About John L. Sorenson

John L. Sorenson, professor emeritus of anthropology at Brigham Young University, holds a PhD in anthropology from the University of California, Los Angeles. He originated the program in anthropology at BYU and headed it for fourteen years. His academic and professional emphasis was in sociocultural anthropology, although since his retirement he has concentrated his research and writing on Mesoamerican archaeology. He was editor of the Journal of Book of Mormon Studies for five years and is the author of more than two hundred books and articles. His book An Ancient American Setting for the Book of Mormon sets forth criteria that cannot be ignored when searching for the geographic setting of the Book of Mormon.

The Passing Parade: Observations on People and Culture

(These sketches, written in my tenth decade, portray aspects of people and culture I have encountered in my life that may be instructive, or at least diverting, to my extensive clan and friends.)

Not long ago (2014) I happened to read an article by Michael A. Goodman, an associate professor of Church history and doctrine at BYU, entitled “Correlation: The Turning Point (1960s)” (pp. 258-284 in Scott C. Esplin and Kenneth L. Alford, eds., Salt Lake City: The Place Which God Prepared {Provo, UT: BYU Religious Studies Center, and Salt Lake City: Deseret Book, 2011}). It is an interesting history of repeated efforts at “correlation” of LDS Church activities and concerns by authorities of the Church throughout most of the 20th century. It’s based on minutes of meetings of various concerned committees and some correspondence of relevant Church officers and employees. What struck me about this history was its failure to identify clearly, let alone to document, the activities of the bureaucratic entity that the Church public knows as “Correlation.” That unit is the apparatus of actual control through which most correlation efforts have been carried out. My own experience with that apparatus may provide supplementary insight into the practice of “Correlation” in the 1970s and 1980s. Continue reading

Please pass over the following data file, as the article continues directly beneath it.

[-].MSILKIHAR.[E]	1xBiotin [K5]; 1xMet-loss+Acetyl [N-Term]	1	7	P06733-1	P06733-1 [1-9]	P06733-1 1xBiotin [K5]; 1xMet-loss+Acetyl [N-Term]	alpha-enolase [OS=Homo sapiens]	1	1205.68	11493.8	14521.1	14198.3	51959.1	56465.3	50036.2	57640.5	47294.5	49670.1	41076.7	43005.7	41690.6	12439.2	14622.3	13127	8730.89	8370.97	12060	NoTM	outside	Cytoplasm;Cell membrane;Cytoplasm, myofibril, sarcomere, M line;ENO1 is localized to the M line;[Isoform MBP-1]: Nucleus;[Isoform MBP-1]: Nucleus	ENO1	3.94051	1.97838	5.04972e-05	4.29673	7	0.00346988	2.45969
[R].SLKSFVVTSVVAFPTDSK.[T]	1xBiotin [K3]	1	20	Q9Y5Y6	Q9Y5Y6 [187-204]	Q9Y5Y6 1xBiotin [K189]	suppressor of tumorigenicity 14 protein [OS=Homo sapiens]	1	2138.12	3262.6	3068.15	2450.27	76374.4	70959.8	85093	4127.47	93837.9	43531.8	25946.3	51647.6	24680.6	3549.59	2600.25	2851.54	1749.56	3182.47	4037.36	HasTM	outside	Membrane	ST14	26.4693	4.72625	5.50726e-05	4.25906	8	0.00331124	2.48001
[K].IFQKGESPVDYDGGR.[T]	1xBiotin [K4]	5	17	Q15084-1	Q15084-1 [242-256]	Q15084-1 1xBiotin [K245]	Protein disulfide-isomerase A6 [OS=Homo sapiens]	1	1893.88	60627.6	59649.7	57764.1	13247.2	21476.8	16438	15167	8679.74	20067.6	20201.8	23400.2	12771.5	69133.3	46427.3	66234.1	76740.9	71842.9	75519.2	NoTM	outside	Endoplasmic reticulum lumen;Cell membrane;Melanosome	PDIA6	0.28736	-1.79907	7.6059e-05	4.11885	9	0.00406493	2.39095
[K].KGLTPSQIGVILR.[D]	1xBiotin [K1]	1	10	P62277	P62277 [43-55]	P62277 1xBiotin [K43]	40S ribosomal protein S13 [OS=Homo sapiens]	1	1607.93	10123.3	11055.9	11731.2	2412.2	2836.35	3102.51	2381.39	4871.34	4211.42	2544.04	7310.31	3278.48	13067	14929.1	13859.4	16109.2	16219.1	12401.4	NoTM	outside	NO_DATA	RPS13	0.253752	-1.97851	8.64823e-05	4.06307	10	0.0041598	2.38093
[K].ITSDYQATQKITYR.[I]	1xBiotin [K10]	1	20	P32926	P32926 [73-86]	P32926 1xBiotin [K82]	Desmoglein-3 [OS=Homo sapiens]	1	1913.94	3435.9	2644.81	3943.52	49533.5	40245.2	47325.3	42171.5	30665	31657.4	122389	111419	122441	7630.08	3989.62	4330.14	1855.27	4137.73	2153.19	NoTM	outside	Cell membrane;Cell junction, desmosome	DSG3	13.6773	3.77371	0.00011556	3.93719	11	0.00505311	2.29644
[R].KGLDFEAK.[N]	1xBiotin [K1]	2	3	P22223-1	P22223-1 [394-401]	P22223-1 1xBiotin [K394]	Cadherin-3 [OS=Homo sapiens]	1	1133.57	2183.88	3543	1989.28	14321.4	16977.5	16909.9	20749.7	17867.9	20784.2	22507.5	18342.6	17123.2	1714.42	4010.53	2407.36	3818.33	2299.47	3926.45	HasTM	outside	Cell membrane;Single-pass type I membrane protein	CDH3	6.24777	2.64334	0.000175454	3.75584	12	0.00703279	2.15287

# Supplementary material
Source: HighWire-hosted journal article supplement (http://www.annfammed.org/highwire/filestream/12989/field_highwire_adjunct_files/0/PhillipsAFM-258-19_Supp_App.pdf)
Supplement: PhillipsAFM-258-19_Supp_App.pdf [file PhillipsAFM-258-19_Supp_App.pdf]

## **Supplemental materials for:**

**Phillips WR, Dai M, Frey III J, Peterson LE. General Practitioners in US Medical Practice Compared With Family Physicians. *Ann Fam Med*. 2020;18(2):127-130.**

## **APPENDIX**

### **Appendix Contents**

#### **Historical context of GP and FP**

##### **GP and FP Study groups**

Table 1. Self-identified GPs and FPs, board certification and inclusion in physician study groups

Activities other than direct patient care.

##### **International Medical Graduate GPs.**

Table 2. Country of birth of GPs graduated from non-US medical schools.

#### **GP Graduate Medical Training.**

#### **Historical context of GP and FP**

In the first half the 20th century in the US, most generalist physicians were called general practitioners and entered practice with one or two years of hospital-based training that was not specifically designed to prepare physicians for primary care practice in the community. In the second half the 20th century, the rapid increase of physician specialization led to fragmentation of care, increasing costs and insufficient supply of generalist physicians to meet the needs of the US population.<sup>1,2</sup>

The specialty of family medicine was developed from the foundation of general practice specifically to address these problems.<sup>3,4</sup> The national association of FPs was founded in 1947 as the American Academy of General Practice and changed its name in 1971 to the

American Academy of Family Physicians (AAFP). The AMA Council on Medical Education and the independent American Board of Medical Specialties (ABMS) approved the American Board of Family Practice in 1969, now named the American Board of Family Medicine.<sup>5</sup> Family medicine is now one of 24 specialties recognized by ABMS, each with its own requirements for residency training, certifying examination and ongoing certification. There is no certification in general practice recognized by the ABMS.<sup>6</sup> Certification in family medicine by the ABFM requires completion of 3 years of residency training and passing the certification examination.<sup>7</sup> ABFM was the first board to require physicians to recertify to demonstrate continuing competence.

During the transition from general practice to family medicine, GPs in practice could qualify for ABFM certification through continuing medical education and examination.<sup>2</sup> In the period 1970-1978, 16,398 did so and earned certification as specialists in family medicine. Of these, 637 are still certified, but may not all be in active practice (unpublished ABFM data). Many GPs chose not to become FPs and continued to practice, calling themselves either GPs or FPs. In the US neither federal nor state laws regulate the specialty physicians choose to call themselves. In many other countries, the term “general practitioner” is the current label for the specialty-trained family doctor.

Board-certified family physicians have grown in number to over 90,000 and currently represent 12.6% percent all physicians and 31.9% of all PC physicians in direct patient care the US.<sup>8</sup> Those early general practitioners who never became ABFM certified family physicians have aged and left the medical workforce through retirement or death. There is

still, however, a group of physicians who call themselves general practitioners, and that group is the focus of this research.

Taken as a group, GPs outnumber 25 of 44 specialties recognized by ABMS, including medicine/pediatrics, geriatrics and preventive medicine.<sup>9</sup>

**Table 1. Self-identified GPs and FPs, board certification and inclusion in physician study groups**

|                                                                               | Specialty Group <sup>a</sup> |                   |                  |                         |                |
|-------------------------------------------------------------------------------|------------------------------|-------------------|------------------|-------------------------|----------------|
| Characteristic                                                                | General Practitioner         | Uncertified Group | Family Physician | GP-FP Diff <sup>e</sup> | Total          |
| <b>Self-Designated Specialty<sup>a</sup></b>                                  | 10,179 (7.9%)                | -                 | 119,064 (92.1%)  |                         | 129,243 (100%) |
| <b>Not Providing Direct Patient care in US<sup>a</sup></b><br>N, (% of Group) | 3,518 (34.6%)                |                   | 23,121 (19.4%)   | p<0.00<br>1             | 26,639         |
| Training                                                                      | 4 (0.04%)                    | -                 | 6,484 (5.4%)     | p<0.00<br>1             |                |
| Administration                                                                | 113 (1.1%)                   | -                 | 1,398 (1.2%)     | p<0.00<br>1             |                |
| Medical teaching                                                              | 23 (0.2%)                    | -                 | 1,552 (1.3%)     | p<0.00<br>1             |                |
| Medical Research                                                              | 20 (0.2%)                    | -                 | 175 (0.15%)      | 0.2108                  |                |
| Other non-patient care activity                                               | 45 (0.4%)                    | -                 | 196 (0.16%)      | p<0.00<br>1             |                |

A Perspective on the Church and the Gospel

An often misunderstood idea among some Latter-day Saints is that the Church has made changes for the worse in its positions since some time in the “good old days” –the early years, or the pioneer period, or any other time one chooses as a reference point. It may be worthwhile taking a short historical excursion in order to gain a more rational and enlightened perspective.

The Gospel

We may be sure that the universe operates strictly according to principles of truth—“the way things (really) are.” There is no other way it could operate. Our problem as less-than-perfect instruments for grasping truth is to align ourselves as far as possible with those truths in the conduct of our lives. God lives exclusively by truth, and he is anxiously concerned to facilitate our attempts at reaching that hoped for alignment. Left largely to ourselves in thinking about important matters, every person fumbles
around a good deal and makes many errors in interpreting how God operates His universe. He knows this is inevitable in us, given our mortal limitations in thinking/grasping. He told the prophet Joseph Smith that “every man [and woman] walketh in his[/her] own way, and after the image of his[/her] own god” (D. & C 1:16). Unaided by a universe-wide perspective, we cannot escape our own random subjectivities. Continue reading

An Open Letter to Dr. Michael Coe

Abstract: In August 2011 John Dehlin conducted a three-part interview with famed Mesoamericanist Michael Coe.1 Dehlin operates the podcast series Mormon Stories, which features interviews discussing the faith and culture of The Church of Jesus Christ of Latter-day Saints. This article examines a large number of dubious claims made in those interviews, providing clarifications, responses, and references to numerous sources dealing with those issues. Much more detail will be forthcoming in Dr. Sorenson’s new book, Mormon’s Codex. Continue reading

  1. Michael Coe, “Dr. Michael Coe—An Outsider’s View of Book of Mormon Archaeology,” podcast interview by John Dehlin, parts 1–3, at; hereafter cited as “Coe interview.” Approximate time stamps are included in individual citations. A version of this open letter is also available on Sorenson’s own website and the FAIR website:; the editors are grateful to Dr. Sorenson and FAIR for permission to reprint it here.